Fundraising: How, where, when?
6 min read
27 October 2015
Raising funds is a complex part of the business cycle. Here's what you need to know about fundraising.
Combining years of experience as an entrepreneur and now immersed in that startup to scale-up stage with my current venture, one thing’s clear; every small, startup and early stage business is cash-hungry.
What separates the success stories from the less-so is how, where and when they can raise their funds. It can be a complex part of the business cycle. Here’s a low-down on some of the tried and tested paths.
Before you get going – pre-commercialisation
There’s a myriad of different grants and funding opportunities for individuals and businesses involved in the R&D and pre-commercialisation of products and projects. The challenge is how to see through the noise and understand the correct funding option and how best to apply for it.
I’ve found that this area of fundraising often benefits from bringing on board a specialist. Go for someone with a great track record, who’s not going to burn your time and enthusiasm.
The “let’s go” phase – launch capital
Launch capital is traditionally achieved via the bootstrapping of the founders (and some of their close friends and family).
It’s important to risk your own capital, if only to show future investors that you were willing to put “skin in the game” with the launch. By investing your own time and money at this very early stage, you will be driving initial traction and value into your business before needing to reach out for subsequent funding rounds.
With every penny being super-crucial (and very personal) you will also want to avoid over-engineering the launch platform or product, and burning cash. At this stage it’s vital to base everything around the lean start up methodology i.e. maximum learning, at minimum cost.
And grow… seed funding / business angels / crowd funding
There has never been a better or easier time to raise seed finance. Programmes like the government-backed SEIS scheme are helping foster a new culture, incentivizing early stage investment via tax relief.
Once you’re up and running – ideally with market traction, feedback and learning – then seed funding is potentially the next step to raising sufficient funds to help you break through to the next level.
Timing is crucial here. You want to be going to the seed round as late as you can (in terms of increasing the valuation) and asking for as little as you need (so you’re not giving too much away, too early).
Otherwise, the valuation and/or how much equity you have to give away will be impacted and it’s not just about the current round. The amount you give away and the valuation agreed, will have a knock on effect with later funding rounds.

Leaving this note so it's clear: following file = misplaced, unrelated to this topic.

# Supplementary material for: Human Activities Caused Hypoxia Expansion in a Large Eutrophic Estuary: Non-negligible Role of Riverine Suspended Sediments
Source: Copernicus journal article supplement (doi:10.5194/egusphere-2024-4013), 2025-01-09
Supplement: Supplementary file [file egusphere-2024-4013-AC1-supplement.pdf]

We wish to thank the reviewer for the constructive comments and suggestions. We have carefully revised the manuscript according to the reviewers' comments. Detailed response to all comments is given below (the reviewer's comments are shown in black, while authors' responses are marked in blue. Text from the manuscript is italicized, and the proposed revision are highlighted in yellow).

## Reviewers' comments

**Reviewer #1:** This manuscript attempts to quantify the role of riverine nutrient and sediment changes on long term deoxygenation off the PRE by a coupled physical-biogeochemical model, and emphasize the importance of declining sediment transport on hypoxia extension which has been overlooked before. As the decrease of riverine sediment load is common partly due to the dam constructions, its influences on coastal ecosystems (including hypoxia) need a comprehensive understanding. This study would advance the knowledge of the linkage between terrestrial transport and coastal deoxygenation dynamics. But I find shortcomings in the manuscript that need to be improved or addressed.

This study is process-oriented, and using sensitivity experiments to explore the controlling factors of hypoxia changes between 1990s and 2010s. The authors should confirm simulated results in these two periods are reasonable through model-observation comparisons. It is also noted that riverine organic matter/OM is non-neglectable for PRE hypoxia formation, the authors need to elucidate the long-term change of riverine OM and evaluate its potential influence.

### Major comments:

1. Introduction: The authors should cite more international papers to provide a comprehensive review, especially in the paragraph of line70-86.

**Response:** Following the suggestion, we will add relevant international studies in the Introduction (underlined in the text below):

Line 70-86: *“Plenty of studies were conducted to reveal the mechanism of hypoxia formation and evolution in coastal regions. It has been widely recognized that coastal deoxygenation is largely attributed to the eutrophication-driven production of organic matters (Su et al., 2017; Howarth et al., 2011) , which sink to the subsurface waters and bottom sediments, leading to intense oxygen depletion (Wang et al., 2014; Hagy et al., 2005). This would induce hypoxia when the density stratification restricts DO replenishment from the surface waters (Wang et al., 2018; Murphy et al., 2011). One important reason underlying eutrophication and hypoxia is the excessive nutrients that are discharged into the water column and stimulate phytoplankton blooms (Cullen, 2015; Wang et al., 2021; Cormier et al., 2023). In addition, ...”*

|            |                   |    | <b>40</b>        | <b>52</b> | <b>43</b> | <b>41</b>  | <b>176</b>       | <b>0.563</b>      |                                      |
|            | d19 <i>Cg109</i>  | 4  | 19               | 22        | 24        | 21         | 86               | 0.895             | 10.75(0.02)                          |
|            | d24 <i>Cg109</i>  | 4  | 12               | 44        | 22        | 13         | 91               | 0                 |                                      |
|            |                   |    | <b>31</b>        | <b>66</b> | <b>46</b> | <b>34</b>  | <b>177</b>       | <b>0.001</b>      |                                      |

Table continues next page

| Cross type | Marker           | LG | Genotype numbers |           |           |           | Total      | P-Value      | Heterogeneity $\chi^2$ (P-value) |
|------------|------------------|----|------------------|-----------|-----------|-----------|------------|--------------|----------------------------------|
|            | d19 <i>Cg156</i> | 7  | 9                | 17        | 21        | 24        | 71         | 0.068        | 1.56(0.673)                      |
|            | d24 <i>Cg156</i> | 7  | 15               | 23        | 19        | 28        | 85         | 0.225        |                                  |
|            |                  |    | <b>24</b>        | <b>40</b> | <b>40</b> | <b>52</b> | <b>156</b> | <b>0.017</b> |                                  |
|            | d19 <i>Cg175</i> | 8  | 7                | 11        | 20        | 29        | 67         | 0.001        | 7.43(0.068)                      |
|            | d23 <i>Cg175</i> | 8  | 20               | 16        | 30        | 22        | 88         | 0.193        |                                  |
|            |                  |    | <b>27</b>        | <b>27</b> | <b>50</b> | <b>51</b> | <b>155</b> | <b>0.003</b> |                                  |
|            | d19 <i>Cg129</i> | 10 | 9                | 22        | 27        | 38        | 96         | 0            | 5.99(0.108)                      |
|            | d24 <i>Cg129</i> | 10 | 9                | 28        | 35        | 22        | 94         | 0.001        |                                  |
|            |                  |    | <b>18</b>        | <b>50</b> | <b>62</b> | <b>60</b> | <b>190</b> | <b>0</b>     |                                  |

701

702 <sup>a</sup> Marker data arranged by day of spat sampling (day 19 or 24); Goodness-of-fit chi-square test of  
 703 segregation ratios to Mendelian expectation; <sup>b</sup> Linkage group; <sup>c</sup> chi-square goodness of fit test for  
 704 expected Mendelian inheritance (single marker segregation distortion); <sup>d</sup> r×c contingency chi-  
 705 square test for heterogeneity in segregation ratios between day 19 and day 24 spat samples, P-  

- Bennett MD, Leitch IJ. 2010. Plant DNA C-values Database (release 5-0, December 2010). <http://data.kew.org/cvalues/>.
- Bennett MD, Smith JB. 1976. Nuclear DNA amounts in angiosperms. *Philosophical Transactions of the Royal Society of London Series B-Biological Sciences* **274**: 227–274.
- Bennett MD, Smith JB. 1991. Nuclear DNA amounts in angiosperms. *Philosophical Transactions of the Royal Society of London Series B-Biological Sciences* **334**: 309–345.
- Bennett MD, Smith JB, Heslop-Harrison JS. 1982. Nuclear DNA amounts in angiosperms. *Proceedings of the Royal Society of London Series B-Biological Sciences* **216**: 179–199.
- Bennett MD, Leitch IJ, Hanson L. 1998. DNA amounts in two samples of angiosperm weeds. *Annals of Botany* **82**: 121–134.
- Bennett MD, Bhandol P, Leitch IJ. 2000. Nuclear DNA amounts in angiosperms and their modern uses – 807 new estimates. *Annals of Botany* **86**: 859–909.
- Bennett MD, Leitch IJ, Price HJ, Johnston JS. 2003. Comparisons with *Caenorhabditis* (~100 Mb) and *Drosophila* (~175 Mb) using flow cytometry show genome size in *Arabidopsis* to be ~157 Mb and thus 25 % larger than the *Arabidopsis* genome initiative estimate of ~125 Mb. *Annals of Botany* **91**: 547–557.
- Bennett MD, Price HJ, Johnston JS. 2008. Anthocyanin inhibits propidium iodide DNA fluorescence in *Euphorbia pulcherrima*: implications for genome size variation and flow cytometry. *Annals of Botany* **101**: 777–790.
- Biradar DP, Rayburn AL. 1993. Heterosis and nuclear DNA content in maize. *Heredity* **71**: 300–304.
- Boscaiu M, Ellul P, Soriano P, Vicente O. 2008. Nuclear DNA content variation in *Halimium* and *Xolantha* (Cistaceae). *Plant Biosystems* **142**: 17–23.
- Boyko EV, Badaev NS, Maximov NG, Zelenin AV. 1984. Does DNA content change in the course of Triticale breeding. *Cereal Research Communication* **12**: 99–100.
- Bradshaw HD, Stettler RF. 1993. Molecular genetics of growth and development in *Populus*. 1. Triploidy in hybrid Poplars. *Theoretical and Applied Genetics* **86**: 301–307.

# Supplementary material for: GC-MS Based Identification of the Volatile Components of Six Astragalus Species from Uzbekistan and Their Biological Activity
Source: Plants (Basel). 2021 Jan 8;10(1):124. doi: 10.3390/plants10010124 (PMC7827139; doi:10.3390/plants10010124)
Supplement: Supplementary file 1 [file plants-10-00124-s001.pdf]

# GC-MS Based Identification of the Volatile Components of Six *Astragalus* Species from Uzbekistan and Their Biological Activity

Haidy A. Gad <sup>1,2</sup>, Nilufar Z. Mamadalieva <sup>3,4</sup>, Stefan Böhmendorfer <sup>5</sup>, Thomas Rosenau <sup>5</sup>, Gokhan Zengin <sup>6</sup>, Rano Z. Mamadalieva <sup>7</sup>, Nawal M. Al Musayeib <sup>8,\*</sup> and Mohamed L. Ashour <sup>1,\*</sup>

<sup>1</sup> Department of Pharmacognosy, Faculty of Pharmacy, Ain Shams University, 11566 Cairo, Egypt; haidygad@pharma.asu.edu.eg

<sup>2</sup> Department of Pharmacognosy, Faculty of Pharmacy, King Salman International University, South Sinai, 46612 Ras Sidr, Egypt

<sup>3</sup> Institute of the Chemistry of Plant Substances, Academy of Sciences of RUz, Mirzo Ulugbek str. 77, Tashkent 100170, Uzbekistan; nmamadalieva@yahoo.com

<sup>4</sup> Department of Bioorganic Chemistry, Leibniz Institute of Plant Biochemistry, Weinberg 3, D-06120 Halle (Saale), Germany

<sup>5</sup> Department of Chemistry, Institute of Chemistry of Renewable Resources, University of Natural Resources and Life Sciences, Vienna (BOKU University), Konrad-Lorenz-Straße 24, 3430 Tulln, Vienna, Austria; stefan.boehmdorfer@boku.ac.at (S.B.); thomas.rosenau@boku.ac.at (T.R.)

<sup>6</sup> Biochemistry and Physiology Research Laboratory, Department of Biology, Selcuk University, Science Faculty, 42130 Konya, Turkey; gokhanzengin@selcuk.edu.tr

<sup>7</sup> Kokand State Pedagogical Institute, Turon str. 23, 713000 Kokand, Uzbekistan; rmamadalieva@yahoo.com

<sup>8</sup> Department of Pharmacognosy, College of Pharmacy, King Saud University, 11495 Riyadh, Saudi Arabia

Raising money is a time consuming affair that often falls to the founders or a very and core operational team. Without enough traction or market validation, you may be wasting valuable time and market credibility going to early too market.
When you do, there are many options available for raising a seed fund of £50,000 to £500,000. These range from SEIS funds through to crowd funding and match funding and business angels and angel investment networks. Pitching events offer great opportunities too.
What’s the alternative? Alternative finance
Also an emerging channel in recent years – particularly since the credit crisis of 2008 – is alternative finance with providers who don’t look, sound or act like your traditional high street banks.
Many alternative finance providers have emerged in recent years, companies like Fleximize provide a rapid response services for smaller business and SMEs, with flexible lending terms from £1,000 upwards.
Getting serious – Series A/VC
I’m not covering VC or Series A funding in this article, but ambitious startups often aspire towards a Series A round and view the seed round as creating sufficient runway for that next step. The key is to understand as much about this as possible in advance so you’re shaping your business (and argument) accordingly.
What is important with any Series A raise is that funding decisions you made earlier in the business life cycle, can have a dramatic impact on what is possible further down the funding chain. As mentioned above, the classic mistake is to over-value your business at the seed round, and find yourself with little headroom when you arrive at Series A.
Ultimately, experience shows that if you have a great project, a strong team and sufficient traction, the right funds for your business are out there. Know where you want to get to and how funding will take your there. Good luck!
Andrew Weaver is CEO of LawyerFair.